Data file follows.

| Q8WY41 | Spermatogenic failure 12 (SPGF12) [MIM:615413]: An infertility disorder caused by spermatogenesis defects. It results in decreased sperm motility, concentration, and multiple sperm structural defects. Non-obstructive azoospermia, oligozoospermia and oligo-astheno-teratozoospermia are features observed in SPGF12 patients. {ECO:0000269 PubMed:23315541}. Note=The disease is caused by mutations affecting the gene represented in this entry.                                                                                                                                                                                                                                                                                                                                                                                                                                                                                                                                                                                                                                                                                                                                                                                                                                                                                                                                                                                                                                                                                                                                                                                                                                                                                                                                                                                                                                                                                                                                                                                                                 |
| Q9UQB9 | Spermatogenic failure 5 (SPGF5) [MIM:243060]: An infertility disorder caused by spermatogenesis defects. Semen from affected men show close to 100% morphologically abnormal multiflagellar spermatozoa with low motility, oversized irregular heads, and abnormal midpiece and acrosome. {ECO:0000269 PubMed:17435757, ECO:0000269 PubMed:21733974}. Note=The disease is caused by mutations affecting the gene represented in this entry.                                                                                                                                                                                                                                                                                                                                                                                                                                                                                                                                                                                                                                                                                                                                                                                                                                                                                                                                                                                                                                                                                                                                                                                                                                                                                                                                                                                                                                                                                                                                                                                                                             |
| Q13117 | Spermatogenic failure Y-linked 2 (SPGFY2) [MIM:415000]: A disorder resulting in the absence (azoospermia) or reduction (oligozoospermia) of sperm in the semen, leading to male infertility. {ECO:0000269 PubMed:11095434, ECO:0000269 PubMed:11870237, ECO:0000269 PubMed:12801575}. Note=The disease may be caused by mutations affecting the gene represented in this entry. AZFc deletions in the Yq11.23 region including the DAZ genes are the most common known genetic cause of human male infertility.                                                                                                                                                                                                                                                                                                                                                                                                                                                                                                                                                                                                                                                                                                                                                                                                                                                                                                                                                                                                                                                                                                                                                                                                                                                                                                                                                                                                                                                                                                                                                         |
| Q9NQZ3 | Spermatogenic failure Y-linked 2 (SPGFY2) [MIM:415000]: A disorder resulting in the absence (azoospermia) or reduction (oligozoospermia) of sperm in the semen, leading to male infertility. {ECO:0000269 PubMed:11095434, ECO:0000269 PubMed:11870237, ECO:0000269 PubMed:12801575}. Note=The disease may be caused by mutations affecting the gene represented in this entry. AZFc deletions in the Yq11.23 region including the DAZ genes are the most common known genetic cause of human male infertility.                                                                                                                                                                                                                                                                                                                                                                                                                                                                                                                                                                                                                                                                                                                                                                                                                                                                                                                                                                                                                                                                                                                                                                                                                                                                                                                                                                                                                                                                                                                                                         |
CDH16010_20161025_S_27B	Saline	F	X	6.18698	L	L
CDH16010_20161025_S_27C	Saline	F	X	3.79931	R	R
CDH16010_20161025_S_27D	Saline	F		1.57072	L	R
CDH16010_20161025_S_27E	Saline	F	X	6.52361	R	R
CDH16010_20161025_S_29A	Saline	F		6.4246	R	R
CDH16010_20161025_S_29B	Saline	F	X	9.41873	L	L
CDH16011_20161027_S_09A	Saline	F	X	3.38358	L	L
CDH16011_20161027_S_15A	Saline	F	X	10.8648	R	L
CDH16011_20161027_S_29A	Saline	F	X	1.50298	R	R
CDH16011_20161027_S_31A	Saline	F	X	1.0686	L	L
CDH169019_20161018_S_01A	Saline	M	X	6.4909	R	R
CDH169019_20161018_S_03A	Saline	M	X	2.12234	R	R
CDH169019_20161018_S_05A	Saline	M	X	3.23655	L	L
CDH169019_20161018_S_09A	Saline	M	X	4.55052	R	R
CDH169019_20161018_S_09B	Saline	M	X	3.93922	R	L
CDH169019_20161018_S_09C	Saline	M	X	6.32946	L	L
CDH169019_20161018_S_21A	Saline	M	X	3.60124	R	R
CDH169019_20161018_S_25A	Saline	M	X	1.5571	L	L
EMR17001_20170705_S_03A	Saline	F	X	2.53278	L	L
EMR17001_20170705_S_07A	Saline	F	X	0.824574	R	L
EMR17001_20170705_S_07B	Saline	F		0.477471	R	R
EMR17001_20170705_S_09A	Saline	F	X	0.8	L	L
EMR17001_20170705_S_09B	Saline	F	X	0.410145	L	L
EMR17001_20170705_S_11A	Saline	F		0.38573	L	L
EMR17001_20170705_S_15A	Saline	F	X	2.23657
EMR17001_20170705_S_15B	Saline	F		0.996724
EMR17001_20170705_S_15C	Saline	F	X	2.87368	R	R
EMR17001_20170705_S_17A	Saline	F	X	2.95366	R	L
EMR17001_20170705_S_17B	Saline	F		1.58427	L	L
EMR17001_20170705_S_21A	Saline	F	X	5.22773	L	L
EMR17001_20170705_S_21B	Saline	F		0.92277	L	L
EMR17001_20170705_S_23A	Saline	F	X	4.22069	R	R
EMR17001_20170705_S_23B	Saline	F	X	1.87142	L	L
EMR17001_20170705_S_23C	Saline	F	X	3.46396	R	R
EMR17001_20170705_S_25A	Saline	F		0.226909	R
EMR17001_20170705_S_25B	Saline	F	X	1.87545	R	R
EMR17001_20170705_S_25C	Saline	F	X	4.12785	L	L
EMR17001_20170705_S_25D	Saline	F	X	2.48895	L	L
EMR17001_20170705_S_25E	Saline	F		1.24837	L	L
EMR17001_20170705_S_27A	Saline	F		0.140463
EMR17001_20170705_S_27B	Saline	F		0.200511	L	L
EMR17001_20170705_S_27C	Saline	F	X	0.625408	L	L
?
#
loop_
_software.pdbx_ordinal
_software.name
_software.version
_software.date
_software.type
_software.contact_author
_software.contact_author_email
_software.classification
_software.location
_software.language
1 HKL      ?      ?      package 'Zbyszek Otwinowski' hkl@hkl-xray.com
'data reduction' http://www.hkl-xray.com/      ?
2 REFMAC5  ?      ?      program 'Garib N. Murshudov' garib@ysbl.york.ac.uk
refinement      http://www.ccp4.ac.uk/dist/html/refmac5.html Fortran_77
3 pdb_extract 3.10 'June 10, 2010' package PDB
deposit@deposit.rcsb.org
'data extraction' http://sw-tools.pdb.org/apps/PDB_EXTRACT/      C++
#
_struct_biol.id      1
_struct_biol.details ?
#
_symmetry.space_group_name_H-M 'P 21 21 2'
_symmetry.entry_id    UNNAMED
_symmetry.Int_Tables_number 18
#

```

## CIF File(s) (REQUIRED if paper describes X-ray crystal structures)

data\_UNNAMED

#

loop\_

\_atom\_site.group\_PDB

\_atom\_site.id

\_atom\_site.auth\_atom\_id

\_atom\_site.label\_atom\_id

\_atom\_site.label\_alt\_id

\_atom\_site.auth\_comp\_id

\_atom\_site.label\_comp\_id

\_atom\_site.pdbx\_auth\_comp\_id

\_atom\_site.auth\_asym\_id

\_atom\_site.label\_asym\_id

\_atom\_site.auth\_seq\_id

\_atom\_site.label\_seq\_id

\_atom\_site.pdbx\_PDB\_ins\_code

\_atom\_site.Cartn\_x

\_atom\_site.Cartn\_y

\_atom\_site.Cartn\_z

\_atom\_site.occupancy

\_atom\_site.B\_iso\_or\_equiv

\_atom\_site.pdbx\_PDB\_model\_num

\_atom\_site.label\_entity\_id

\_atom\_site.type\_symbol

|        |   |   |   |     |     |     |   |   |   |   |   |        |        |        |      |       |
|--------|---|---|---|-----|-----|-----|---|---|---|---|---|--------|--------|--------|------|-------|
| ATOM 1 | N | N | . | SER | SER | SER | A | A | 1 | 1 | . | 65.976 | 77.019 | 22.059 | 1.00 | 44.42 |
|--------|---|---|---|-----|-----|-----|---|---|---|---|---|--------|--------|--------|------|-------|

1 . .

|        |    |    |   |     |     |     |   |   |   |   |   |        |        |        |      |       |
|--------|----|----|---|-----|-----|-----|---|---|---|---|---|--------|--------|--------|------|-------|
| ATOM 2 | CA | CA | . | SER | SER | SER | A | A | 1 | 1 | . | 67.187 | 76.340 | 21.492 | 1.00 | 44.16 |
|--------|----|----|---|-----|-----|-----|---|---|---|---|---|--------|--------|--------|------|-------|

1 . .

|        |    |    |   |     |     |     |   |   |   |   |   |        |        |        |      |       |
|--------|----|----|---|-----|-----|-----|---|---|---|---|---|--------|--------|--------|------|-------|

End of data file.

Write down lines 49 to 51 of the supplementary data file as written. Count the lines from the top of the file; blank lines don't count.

loop_
_software.pdbx_ordinal
_software.name